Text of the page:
NAJAF, Iraq — Most of the religious schools in Najaf are characterized by a traditional teaching method that differs from the methods used in Iraqi schools and universities. These religious schools have not seen drastic developments in teaching methods and curricula throughout their history, unlike some of their counterparts in Iran and Lebanon. In Najaf's seminaries, there are no lectures or courses that students are required to attend. Rather, a student selects the professor he wishes to work with. A student may choose to attend classes with a professor in a small group, or he may request that the professor teach him alone. If a student feels he does not benefit from the class, he can stop taking it or stop working with the professor and look for another professor.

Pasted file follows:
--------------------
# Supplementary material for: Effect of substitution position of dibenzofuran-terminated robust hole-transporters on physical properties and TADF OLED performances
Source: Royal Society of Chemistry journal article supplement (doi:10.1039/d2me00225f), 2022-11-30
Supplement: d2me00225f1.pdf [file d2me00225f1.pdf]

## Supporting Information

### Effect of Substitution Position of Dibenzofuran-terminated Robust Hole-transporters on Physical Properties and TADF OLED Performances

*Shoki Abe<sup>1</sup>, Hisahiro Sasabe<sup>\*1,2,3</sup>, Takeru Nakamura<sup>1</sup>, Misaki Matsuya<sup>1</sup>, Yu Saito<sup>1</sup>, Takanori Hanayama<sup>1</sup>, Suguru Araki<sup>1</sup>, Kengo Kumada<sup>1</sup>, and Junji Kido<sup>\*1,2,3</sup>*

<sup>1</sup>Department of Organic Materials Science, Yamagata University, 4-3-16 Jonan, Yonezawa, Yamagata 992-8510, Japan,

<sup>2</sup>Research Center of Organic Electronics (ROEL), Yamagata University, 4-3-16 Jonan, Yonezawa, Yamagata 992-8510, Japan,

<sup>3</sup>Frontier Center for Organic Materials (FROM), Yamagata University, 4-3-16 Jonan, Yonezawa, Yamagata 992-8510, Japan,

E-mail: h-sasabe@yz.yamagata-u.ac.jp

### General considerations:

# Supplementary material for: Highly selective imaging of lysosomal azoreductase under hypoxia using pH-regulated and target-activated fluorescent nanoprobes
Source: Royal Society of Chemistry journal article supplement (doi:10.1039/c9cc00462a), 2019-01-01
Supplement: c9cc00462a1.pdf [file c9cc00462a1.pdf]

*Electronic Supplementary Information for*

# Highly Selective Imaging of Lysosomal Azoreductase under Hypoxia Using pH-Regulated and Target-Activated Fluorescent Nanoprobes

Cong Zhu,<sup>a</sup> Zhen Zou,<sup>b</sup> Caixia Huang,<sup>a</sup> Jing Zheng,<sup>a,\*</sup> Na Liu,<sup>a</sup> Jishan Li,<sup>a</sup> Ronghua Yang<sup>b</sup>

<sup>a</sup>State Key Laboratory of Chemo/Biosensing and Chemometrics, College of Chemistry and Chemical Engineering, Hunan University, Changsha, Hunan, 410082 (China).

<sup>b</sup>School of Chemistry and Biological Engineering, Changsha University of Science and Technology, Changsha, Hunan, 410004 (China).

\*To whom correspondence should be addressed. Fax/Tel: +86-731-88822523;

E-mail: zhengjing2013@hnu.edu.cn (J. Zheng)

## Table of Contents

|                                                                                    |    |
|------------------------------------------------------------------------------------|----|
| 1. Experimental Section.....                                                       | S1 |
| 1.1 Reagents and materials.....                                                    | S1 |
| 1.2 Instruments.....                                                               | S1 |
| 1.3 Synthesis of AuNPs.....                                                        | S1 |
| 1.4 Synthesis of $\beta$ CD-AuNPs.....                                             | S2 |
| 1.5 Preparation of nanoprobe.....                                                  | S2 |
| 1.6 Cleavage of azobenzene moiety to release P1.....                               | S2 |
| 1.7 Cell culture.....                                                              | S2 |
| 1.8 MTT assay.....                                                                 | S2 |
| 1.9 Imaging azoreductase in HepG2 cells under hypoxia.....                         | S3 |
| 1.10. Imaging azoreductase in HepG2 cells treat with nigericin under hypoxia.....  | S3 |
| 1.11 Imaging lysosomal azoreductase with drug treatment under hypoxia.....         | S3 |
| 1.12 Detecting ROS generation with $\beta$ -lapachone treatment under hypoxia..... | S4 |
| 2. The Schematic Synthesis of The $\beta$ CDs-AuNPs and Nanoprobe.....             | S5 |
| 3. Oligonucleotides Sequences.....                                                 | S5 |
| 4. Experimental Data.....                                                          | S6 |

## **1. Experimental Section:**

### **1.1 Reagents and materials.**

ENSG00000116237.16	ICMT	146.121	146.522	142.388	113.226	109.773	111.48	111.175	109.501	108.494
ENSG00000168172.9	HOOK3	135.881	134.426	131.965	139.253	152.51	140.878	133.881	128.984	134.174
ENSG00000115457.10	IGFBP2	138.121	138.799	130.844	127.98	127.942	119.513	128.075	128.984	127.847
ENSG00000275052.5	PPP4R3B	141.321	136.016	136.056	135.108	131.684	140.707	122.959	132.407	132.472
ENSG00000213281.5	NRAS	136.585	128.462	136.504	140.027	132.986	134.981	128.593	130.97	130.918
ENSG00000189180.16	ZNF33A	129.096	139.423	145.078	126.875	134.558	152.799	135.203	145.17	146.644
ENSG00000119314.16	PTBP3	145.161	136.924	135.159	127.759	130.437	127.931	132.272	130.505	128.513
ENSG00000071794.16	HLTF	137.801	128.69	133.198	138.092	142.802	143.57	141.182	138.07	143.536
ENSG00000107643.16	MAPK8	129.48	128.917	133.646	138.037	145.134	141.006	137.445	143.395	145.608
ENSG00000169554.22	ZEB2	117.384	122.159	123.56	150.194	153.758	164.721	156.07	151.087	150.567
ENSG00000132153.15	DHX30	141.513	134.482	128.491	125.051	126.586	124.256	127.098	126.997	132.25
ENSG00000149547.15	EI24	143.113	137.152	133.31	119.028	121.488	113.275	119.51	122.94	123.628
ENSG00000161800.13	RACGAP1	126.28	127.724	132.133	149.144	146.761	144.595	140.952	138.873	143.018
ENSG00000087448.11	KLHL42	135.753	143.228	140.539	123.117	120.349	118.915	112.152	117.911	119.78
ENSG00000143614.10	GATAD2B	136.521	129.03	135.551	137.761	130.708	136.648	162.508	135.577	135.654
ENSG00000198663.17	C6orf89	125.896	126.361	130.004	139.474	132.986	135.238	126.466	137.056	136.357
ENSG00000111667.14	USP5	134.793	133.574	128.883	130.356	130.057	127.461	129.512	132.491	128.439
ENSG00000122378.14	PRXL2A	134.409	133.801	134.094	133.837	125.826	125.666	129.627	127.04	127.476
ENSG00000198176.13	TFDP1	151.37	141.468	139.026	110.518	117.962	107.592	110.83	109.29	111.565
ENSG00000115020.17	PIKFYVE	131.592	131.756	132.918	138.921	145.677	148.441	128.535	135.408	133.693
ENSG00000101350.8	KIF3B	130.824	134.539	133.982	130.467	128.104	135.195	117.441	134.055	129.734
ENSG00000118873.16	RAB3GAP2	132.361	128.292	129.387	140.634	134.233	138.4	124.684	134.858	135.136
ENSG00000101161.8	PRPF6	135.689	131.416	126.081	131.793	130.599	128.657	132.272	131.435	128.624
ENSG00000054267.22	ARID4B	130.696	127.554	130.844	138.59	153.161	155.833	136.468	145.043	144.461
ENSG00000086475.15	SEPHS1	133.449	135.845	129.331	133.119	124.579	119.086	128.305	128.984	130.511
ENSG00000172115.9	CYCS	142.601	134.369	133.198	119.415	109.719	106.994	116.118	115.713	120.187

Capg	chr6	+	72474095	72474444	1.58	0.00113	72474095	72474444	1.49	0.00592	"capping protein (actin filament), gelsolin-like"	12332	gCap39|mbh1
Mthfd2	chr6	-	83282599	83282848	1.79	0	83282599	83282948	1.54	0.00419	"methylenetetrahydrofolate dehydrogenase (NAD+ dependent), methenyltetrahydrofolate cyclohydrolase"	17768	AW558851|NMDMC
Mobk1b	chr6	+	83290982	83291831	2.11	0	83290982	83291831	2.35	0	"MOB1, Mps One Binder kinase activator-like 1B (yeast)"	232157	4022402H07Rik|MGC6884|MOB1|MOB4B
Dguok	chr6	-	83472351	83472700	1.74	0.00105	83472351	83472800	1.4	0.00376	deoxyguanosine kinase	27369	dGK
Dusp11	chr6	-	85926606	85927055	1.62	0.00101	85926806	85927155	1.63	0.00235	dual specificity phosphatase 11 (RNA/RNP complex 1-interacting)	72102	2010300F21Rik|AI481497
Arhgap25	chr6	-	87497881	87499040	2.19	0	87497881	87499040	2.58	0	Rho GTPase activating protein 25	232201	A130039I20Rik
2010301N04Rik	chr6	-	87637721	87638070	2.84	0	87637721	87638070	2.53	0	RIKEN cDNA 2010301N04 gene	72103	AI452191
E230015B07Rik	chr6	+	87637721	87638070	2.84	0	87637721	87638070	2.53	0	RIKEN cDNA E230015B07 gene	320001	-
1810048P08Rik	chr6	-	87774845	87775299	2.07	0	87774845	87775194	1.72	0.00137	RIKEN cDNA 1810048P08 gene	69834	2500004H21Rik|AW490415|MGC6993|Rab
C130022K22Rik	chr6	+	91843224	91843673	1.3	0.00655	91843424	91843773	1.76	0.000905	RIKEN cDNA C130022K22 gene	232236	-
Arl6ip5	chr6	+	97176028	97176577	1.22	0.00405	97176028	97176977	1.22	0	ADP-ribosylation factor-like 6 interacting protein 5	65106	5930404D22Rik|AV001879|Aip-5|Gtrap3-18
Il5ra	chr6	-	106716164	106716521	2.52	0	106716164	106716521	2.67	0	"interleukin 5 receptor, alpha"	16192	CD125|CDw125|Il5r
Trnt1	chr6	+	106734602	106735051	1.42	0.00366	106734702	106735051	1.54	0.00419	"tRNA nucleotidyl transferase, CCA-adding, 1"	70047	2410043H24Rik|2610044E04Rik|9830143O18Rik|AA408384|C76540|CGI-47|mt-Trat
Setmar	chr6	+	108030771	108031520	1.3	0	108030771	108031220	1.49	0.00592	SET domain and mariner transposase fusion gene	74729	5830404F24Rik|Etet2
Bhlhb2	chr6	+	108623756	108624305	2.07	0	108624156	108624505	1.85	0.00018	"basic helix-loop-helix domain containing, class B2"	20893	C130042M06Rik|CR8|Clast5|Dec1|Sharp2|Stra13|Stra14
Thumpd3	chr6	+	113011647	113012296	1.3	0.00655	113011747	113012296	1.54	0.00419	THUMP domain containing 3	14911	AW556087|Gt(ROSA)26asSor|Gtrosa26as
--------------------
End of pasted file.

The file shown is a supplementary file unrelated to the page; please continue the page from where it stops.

Sheikh Jihad al-Asadi, a religious scholar in Najaf, said that the common conceptions of schooling do not strictly apply to religious schools in Najaf — in terms of age requirements, mental capacity, scholarly level, the course system, attendance and absence, choosing courses and granting degrees after the completion of a certain stage.